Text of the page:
Why are Tibetan Buddhist in McLeod Ganj?
Though India is a diverse semi-tolerant multicultural country the Buddhist religion is almost unknown outside of McLeod Ganj and it may appear strange to visitors as to why this picturesque hill station is the Tibetan Buddhist religious centre in a country which is dominated by Hindus, Muslims with a spattering of Christians.
Tibetan Buddhists and McLeod Ganj - The Lisbon Thesis
The first stage of the answer, which may appear obvious, is that McLeod Ganj is not the traditional and religious centre of the Tibetan Buddhist religion. Their religious home land was the city of Lhasa in South Western China but they were forced to flee during the early years of Chinese communism.
The colourful Buddhist monks of McLeod Ganj
The actual day the Dalai Lama, the spiritual leader of the Tibetan Buddhists, fled his home city was on the 30 March 1959. Marxism communism had little tolerance for religions and the Chinese Communists sought to eradicate all religious orders which could have provided opposition to their revolutionary views. During the 1950s political pressure and harsh tactics had sought to quell the power of the Tibetan religion.
The political tensions reached a climax when the Dalai Lama was invited to attend a theatrical show with the Communist Commissioner of the region. The Dalai Lama sensed a possible trap when he was advised not to bring his bodyguards and come unarmed. As if from a scene in a movie, the Dalai Lama slipped out of highly policed Lhasa dressed as a lowly worker. The Chinese sought aggressively to locate the Dalai Lama and in the weeks after his escape many hundreds of Tibetans died at mass protests and as the Chinese sought information. The Dalai Lama was never again to return to Lhasa and even in today's modern China tensions remain.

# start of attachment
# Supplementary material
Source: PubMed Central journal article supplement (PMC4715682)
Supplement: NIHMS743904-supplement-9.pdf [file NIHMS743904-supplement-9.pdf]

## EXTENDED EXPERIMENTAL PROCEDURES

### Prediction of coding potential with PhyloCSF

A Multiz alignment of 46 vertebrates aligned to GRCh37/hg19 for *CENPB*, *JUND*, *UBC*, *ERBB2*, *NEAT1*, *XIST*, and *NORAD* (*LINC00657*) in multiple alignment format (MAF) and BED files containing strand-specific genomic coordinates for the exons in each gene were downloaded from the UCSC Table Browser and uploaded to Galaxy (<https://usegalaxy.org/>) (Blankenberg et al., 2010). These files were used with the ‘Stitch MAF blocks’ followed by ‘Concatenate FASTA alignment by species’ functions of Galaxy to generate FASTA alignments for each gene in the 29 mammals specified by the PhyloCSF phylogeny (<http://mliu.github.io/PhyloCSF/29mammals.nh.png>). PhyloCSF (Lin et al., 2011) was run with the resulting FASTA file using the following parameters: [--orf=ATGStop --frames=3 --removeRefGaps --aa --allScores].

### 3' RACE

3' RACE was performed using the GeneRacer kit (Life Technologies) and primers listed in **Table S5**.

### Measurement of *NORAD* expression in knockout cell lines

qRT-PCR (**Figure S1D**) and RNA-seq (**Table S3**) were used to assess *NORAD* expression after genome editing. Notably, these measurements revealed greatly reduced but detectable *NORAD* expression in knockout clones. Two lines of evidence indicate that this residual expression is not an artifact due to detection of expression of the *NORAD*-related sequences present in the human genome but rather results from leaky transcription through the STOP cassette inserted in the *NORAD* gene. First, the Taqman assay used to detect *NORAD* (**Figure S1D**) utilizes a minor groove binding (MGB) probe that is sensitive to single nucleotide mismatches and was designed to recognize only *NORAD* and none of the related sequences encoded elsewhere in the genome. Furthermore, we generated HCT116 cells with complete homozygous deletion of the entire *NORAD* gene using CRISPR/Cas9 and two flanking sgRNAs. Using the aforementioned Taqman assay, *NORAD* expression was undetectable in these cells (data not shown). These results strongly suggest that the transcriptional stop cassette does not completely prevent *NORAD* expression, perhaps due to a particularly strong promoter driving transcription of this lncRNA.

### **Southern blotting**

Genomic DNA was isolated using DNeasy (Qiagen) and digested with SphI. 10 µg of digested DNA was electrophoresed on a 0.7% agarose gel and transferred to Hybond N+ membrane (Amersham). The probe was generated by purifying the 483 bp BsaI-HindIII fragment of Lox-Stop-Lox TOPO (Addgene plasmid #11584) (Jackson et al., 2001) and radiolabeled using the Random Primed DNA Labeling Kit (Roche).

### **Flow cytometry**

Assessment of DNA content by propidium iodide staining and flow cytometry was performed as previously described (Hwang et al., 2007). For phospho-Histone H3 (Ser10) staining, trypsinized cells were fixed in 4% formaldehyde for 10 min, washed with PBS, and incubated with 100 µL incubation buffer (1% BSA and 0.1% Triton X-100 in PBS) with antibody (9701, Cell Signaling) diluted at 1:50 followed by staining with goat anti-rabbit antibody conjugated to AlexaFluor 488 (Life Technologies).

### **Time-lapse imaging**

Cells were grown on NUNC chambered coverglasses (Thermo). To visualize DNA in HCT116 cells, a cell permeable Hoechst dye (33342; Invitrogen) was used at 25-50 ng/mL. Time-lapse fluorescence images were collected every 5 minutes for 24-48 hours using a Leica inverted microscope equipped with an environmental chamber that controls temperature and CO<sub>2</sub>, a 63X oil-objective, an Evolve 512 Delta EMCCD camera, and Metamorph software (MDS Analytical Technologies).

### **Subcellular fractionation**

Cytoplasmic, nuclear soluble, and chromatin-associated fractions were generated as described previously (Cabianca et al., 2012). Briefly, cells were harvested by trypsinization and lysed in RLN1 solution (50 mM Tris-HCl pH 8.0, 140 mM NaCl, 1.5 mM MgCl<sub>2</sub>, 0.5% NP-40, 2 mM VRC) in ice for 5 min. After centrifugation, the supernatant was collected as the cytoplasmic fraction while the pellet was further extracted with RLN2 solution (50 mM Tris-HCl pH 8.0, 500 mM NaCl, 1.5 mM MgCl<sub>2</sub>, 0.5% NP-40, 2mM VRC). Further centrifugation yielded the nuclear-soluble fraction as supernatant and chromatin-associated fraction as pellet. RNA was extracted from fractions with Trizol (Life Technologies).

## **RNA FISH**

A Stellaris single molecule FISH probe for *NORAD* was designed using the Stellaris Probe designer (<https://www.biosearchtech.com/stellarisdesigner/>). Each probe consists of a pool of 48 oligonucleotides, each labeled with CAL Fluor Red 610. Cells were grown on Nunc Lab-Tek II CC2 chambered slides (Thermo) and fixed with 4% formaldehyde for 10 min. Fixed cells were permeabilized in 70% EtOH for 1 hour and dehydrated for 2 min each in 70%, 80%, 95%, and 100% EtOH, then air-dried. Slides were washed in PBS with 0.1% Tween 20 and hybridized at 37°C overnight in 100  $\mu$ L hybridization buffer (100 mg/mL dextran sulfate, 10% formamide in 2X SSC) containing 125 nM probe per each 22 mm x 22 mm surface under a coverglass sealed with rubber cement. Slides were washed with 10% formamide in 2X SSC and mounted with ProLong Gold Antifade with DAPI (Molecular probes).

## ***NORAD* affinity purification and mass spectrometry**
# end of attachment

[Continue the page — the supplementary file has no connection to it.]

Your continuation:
The colourful Namgyalma Stupa in McLeod Ganj
This plan of escape was advised by the Dalai lama's personal protector, the Nechung Oracle, and possibly instigated by CI A agents who had been covertly funding resistance in Tibet for the previous five years. The closest non-Communist border with Tibet was that of India's, but this involved travelling across some of the most in the inhospitable terrain in the world. Luckily the escape was in March just as the mountain passes were clearing from the harsh winter snow.
The escape party traveled by nights fearing capture by the enraged Communists and it took 15 days to reach the border, during which time most observers thought the capture or assassination of the Dalai lama had occurred. The small party of refugees were met at the Indian town of Bomdila and the Indian government offered the Dalai Lama and Tibetan Buddhists political asylum in India. So why did India offer political asylum to the Dalai Lama and the Tibetan Buddhists?